Local Obituaries

Pan Am ticket agent to the stars, James ‘JJ’ Tormey dies at 78

James “JJ” Tormey, who worked the Miami Dolphins charter jets while at Miami International Airport, was among a handful of people who attended the inaugural games of all of our franchises: the Miami Dolphins in 1966, the Miami Heat in 1988, the Florida Panthers and Miami Marlins in 1993.
James “JJ” Tormey, who worked the Miami Dolphins charter jets while at Miami International Airport, was among a handful of people who attended the inaugural games of all of our franchises: the Miami Dolphins in 1966, the Miami Heat in 1988, the Florida Panthers and Miami Marlins in 1993.

James “JJ” Tormey helped so many sports figures and stars get on their way that he really should have a star on the Hollywood Walk of Fame or some mention in a South Florida sports hall of fame.

Tormey, who died Jan. 4 at 78 in Maryland, was a ticket agent for National Airlines and Pan Am at Miami International Airport from 1969 to 1991.

Frank Sinatra gave air travel a boost of chic appeal when he sang Come Fly With Me. He could have been anticipating the arrival of Tormey on the tarmac. The iconic crooner and actor made sure Tormey knew his alias when he flew into MIA for one of his gigs or film shoots in Miami Beach.

In return, Tormey, who lived in North Miami at the time, would usher Sinatra in and out of the airport to escape the gaze of the press. He also would store the gowns of Barbara Sinatra when she traveled with her husband so they wouldn’t get wrinkled.

As Miami served as the gateway to South America, Tormey also earned points with famed oceanographer Jacques Cousteau and his crew when the bunch missed their connection. Tormey found them all hotels and stored their underwater gear at the airport until they could fly out the next day.

In his previous job at the desk of Miami Beach’s Casablanca Hotel, from 1960 to 1969, a post he took after serving in the Marines, Tormey took care of young Motown acts like the Supremes and a teenaged Stevie Wonder. Heavyweight champ Sonny Liston trained at the hotel and Tormey helped with his affairs.

Tormey also met the Beatles, who were at the nearby Deauville on Collins Avenue for their second appearance on The Ed Sullivan Show in 1964. Free tickets for the Fab Four’s taping were tapped for top Casablanca staffers. Fine lads and all, but Tormey, an Elvis Presley and Sinatra fan, gave his tickets away, certainly making someone’s day.

He was just this great, wonderful, gregarious man who made an instant friend with everybody.

Friend Vance Gulliksen about James “JJ” Tormey

“Dad created a sense of family everywhere he went and with everyone he met. There are so many stories. He was always ready to help people,” said son Jim Tormey.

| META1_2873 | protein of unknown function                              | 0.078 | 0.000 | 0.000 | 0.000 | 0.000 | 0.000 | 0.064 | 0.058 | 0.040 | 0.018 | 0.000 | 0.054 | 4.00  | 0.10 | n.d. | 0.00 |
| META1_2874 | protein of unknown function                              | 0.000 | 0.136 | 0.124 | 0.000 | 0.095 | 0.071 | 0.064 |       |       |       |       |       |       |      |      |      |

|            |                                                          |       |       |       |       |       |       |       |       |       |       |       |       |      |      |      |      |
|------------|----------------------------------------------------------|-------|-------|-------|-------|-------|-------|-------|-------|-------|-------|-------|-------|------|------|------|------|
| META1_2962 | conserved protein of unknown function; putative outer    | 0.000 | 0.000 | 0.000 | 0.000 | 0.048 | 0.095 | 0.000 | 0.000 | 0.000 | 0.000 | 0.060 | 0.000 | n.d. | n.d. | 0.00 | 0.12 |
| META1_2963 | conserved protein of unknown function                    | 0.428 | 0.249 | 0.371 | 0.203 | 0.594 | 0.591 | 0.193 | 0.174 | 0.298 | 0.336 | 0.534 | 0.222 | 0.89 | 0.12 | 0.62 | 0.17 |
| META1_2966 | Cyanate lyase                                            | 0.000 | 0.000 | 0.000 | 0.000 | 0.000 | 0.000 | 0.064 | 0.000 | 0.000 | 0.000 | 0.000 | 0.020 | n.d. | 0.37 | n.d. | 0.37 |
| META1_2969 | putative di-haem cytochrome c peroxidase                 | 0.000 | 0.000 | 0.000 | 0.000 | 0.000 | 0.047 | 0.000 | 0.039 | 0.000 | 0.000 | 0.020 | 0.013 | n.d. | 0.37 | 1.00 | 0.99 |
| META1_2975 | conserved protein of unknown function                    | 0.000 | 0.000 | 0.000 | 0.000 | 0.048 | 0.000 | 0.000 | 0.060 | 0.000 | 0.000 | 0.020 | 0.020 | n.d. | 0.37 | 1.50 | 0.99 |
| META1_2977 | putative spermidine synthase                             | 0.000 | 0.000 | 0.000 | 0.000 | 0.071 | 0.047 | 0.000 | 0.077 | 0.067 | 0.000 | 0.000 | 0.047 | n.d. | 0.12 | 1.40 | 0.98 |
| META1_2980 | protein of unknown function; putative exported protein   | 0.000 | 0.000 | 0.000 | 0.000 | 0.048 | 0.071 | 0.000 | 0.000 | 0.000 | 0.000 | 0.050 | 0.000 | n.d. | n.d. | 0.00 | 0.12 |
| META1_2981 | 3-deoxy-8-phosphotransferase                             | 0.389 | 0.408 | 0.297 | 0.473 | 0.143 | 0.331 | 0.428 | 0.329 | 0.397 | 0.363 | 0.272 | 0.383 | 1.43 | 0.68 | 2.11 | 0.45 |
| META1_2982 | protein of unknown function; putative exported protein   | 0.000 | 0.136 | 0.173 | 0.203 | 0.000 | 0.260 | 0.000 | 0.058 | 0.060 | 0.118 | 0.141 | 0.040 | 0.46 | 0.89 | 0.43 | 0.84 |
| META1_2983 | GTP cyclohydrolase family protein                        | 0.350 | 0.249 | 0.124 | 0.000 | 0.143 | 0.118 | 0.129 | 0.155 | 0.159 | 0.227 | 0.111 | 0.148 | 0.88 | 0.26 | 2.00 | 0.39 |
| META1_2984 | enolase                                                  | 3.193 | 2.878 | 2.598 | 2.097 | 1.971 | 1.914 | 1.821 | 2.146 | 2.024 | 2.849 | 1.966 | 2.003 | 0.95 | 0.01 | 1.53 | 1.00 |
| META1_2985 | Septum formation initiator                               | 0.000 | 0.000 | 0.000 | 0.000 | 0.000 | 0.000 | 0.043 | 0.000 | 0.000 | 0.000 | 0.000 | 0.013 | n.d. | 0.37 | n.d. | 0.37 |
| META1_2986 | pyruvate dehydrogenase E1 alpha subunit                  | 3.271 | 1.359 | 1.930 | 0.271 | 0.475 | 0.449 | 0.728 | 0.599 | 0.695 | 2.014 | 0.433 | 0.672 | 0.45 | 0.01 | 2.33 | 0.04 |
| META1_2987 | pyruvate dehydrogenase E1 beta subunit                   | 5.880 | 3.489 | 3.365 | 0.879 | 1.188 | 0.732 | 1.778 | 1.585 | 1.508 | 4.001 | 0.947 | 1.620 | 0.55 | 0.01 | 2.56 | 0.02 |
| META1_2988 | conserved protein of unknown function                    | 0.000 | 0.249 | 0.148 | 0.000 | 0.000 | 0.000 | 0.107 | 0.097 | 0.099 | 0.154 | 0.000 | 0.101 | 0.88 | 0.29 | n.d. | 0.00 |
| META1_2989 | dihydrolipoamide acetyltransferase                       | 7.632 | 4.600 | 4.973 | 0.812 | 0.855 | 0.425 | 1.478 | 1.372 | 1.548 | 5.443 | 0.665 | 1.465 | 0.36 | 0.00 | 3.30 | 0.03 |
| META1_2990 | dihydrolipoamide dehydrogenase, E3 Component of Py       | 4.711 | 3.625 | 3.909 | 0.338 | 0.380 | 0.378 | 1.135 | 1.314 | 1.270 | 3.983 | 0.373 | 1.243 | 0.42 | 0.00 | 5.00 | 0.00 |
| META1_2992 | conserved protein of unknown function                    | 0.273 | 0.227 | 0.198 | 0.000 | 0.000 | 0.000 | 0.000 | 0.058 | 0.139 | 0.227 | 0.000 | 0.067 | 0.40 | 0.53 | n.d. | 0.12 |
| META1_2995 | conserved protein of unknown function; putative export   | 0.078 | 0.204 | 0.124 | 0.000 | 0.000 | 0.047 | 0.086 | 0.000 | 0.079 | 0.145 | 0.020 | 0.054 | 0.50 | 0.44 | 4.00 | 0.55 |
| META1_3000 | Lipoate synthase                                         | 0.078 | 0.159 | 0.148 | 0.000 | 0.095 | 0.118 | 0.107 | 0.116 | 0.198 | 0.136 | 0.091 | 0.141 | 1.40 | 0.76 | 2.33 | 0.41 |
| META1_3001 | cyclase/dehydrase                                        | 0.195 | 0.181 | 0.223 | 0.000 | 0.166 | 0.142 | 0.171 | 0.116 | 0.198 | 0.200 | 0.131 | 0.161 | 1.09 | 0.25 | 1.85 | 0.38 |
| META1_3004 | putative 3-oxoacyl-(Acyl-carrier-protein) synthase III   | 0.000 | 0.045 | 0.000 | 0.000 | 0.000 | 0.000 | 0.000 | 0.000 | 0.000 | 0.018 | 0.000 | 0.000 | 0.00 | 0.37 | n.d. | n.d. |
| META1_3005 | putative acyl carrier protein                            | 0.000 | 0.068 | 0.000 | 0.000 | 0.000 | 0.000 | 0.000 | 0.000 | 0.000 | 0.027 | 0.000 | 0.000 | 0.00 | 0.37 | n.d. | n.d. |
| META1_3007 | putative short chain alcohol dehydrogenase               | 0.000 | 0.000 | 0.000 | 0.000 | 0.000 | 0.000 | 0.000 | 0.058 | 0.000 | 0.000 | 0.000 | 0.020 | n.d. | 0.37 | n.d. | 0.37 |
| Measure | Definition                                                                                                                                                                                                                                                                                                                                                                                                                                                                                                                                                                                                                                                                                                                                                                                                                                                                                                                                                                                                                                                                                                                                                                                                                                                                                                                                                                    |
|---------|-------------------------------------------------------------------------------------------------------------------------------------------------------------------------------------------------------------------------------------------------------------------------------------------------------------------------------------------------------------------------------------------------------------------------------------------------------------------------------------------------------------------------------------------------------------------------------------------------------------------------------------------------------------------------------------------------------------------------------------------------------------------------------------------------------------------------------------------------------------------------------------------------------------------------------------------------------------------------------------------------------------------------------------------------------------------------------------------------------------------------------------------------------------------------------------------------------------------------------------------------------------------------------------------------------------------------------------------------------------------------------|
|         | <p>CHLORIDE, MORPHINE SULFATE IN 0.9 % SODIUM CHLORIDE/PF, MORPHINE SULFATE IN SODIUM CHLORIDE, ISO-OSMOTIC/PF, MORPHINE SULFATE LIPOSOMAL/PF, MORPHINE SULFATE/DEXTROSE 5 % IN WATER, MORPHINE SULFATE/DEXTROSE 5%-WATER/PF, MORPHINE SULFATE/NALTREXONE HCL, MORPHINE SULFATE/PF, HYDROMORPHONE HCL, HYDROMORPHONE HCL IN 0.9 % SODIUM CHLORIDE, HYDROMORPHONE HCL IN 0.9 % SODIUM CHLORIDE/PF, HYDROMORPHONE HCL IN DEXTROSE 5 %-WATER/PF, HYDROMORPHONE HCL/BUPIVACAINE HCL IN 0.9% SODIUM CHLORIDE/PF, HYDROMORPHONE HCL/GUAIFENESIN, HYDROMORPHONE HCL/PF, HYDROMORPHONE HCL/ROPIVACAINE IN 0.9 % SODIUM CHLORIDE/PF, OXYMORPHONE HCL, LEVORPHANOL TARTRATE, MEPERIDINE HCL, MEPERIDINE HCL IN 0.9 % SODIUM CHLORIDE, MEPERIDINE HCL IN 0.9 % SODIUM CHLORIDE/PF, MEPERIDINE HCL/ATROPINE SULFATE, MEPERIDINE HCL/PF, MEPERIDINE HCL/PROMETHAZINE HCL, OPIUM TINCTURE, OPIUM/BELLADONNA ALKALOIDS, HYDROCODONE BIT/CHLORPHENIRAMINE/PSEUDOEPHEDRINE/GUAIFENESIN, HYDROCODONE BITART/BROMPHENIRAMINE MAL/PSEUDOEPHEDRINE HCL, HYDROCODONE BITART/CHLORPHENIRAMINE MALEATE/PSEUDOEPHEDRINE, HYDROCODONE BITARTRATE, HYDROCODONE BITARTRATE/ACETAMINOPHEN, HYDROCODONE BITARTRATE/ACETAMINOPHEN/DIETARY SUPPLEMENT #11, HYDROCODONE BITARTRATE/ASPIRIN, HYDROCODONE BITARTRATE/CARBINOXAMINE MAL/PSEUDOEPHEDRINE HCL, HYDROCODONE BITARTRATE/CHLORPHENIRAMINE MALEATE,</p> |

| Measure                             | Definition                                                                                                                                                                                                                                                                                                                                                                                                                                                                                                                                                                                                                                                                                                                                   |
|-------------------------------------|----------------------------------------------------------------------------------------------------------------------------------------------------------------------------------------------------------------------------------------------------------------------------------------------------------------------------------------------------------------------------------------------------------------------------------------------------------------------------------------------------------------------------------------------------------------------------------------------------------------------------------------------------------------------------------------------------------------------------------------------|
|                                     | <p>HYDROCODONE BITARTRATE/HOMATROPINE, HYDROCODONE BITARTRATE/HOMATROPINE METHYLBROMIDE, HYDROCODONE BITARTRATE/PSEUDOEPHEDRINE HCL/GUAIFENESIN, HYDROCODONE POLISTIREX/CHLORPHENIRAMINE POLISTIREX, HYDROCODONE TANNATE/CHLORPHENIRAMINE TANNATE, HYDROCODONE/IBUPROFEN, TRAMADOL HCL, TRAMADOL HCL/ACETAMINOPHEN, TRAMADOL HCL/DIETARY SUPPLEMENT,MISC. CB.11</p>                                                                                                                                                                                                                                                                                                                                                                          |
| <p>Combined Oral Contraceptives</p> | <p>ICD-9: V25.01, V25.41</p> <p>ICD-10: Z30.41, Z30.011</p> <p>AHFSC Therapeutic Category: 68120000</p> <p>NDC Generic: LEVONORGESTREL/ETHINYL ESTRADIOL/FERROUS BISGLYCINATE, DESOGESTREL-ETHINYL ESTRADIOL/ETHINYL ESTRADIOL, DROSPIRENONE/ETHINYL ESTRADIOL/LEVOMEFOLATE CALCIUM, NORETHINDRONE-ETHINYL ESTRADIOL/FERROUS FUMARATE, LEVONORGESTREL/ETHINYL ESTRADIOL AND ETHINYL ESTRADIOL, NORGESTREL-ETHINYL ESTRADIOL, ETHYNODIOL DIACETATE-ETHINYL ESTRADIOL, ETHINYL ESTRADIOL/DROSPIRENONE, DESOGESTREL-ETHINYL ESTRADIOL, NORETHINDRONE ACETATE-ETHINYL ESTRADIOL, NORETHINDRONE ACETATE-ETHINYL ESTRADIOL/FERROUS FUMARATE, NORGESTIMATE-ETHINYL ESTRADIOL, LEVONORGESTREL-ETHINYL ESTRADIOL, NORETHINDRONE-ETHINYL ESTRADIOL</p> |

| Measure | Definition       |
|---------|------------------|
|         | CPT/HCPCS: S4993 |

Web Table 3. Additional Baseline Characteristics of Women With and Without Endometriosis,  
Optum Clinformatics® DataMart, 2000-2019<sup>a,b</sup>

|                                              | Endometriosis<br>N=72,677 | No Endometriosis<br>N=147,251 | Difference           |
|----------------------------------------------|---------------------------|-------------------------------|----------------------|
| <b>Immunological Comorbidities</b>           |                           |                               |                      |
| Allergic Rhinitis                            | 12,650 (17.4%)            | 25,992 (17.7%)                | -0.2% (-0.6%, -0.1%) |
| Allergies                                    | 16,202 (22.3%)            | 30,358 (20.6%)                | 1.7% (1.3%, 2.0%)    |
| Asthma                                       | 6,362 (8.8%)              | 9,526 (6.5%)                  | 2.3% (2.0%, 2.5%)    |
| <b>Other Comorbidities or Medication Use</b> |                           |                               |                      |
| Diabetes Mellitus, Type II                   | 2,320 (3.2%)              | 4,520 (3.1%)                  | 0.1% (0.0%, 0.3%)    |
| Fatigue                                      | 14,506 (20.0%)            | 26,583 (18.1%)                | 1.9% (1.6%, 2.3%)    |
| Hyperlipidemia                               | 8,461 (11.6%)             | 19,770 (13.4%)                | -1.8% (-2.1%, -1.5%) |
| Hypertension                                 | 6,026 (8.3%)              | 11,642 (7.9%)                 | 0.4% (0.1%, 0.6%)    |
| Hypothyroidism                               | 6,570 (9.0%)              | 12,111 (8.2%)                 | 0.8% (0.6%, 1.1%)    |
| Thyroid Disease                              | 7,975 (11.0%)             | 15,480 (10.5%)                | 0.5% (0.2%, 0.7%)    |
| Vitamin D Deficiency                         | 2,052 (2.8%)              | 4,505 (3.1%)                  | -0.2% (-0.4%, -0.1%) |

South Florida sports teams were his passion. He was among a handful of people who attended the inaugural games of all of the region’s major franchises: the Miami Dolphins in 1966, the Miami Heat in 1988, and the Florida Panthers and Marlins in 1993. “He was very proud of this fact,” his son said.

He attended the inaugural games of the Miami Dolphins in 1966, the Miami Heat in 1988, and the Florida Panthers and Miami Marlins in 1993.

Imagine his thrill, then, when he worked the Dolphins charter. The plane was not boarded until Coach Don Shula said, “Board them, JJ!” The doors would not close until Shula gave the nod to Tormey with the familiar directive: “JJ, we’re good to go.”

There were, of course, players who missed the charter, so Tormey would make sure they got on the next commercial flight to the game.

Tormey, a big man with a full head of gray hair who resembled (and played) Santa Claus in his later years, was also involved in the North Dade Optimists. He would take as many kids as he could fit into his car to the Dolphins training camp at St. Thomas University. Running back Mercury Morris strolled over to the sidelines, which, in those days, were mostly open to the public, and jokingly asked Tormey if all these kids were his. “...It was a funny line from Morris,” Jim Tormey said.

Years earlier, while living a year in Boston during 1959, Tormey worked at the Statler-Hilton, where the New York Yankees stayed when playing the Red Sox. Men being men, some of the players would be out on the town and so they’d seek Tormey out when sneaking back to the hotel. Tormey would hustle Mickey Mantle and Whitey Ford into the freight elevator many times to avoid manager Casey Stengel, who was waiting in the lobby to catch the players out after curfew.

Born on July 8, 1937, in New York City, Tormey’s father, John, was an advertising executive on Madison Avenue and wrote the Lucky Strike campaign — “much like Don Draper of Mad Men,” Jim Tormey said. John Tormey’s wife died, and he later married his secretary —“just like Don Draper,” his grandson laughs.

Tormey moved from Connecticut to Miami in 1952. He graduated from Coral Gables High School in 1956, before beginning his career. After retiring and moving to Davie, he worked at Debby’s Baseball Card Store in Plantation until 1999. He moved to Ocean Pines, Maryland, to be closer to his grandchildren.

“JJ was a beloved member of the South Florida community and had tons of great stories that he would regale to old friends and new acquaintances, all with his unforgettable wit and charm,” said friend Vance Gulliksen.

Tormey is survived by his wife, Sylvia, sons Shawn and Jim, five grandchildren, brother John and sisters Marybeth, Joan and Cathy.

Howard Cohen: 305-376-3619, @HowardCohen

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